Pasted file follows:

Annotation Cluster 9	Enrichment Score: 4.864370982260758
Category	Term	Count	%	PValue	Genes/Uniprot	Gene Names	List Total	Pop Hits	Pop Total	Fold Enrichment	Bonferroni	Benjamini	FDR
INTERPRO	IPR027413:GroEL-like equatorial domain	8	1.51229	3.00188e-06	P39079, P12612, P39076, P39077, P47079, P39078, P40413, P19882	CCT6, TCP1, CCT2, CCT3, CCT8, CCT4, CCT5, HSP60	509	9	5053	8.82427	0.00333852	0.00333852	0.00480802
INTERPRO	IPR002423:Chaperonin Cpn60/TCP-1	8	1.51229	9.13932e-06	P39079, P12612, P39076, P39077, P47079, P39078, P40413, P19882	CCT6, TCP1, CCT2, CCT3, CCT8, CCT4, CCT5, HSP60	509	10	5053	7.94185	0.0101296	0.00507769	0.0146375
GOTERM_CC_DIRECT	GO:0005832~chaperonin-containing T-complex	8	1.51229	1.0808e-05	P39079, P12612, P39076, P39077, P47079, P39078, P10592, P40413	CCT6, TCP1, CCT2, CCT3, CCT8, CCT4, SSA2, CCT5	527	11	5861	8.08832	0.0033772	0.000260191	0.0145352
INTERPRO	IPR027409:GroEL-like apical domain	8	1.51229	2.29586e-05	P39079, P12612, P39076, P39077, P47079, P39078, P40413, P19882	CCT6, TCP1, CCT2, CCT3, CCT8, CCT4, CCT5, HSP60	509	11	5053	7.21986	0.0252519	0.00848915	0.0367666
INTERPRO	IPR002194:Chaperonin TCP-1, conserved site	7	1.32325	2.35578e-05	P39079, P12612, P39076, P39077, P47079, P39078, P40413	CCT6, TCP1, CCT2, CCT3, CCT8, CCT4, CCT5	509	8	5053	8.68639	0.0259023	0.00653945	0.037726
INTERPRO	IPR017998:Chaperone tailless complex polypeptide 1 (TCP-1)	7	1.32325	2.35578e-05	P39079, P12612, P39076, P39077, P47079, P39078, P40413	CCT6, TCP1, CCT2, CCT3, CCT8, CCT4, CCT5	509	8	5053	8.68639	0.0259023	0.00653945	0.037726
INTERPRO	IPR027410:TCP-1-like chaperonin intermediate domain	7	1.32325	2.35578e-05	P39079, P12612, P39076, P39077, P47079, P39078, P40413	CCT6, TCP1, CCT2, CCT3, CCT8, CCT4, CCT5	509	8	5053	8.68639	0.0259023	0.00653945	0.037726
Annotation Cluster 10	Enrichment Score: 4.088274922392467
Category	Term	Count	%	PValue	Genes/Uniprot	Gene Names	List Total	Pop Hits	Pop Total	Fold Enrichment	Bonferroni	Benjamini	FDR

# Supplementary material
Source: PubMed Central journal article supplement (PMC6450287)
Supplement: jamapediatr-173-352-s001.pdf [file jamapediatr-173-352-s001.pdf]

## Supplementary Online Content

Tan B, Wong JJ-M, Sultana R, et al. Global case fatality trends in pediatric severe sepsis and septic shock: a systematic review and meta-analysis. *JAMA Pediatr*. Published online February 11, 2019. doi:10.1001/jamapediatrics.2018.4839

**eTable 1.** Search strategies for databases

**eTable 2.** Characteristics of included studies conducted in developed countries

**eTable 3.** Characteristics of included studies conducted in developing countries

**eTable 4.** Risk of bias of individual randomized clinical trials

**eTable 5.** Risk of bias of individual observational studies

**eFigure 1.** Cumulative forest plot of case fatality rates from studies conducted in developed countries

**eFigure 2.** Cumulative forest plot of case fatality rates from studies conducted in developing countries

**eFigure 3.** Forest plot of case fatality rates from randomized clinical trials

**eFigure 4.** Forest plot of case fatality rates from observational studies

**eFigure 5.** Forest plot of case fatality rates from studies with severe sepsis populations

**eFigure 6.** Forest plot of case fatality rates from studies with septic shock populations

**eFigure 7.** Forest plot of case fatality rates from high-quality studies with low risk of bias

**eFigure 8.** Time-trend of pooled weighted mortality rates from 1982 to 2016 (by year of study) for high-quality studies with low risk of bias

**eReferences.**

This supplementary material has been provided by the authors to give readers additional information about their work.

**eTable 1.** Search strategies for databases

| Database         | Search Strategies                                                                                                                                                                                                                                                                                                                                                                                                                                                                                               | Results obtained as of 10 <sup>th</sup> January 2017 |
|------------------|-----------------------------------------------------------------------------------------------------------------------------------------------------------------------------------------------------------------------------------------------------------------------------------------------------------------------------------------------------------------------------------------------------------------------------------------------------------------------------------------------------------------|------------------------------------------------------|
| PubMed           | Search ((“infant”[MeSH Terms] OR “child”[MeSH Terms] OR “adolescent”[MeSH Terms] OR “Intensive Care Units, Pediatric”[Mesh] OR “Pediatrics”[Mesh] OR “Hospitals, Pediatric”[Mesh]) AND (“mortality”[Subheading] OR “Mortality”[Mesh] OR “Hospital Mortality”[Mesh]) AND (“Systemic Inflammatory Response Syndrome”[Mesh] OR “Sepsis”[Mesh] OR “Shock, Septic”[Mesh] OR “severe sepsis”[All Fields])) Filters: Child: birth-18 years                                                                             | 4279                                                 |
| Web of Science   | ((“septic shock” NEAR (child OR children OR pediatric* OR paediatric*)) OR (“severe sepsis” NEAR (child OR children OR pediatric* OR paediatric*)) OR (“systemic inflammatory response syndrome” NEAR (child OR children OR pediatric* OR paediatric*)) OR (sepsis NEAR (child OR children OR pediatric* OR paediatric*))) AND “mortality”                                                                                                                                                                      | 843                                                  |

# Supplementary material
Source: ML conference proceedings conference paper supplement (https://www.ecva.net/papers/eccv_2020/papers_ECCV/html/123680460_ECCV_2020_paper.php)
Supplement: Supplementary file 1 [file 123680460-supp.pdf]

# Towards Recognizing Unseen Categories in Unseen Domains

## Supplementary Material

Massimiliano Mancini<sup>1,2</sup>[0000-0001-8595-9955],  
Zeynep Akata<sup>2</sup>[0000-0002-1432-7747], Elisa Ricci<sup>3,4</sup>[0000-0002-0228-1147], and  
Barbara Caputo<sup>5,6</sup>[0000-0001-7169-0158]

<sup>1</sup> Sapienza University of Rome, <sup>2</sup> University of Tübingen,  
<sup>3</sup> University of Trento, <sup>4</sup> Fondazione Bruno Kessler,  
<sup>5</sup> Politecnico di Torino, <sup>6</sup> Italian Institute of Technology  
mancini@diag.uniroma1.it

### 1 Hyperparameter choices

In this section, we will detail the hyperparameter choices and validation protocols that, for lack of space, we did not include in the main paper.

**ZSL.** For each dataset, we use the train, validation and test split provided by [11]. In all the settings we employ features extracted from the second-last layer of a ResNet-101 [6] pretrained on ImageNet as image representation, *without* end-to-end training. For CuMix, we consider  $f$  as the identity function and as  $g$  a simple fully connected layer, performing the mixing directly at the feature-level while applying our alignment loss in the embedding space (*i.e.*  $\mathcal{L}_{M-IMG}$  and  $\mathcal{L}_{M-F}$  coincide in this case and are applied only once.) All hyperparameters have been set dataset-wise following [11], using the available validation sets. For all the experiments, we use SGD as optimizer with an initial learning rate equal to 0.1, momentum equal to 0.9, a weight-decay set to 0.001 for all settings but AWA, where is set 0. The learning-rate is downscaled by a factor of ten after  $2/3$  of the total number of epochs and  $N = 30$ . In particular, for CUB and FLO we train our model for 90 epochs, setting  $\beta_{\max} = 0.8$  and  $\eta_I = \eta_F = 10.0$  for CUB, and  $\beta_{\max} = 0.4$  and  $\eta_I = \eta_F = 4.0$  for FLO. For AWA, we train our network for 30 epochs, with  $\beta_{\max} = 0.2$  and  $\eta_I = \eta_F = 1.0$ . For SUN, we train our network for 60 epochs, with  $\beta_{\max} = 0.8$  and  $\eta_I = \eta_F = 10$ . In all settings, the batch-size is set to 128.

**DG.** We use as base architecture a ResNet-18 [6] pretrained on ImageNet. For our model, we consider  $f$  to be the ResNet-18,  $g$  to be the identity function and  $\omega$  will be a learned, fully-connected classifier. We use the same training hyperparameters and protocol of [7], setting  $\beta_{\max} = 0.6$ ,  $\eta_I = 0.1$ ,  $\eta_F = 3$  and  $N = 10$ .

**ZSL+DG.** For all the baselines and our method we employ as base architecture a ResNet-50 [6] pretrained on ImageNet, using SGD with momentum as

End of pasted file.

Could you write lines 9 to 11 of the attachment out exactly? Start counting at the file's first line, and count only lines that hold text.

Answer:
INTERPRO	IPR027410:TCP-1-like chaperonin intermediate domain	7	1.32325	2.35578e-05	P39079, P12612, P39076, P39077, P47079, P39078, P40413	CCT6, TCP1, CCT2, CCT3, CCT8, CCT4, CCT5	509	8	5053	8.68639	0.0259023	0.00653945	0.037726
Annotation Cluster 10	Enrichment Score: 4.088274922392467
Category	Term	Count	%	PValue	Genes/Uniprot	Gene Names	List Total	Pop Hits	Pop Total	Fold Enrichment	Bonferroni	Benjamini	FDR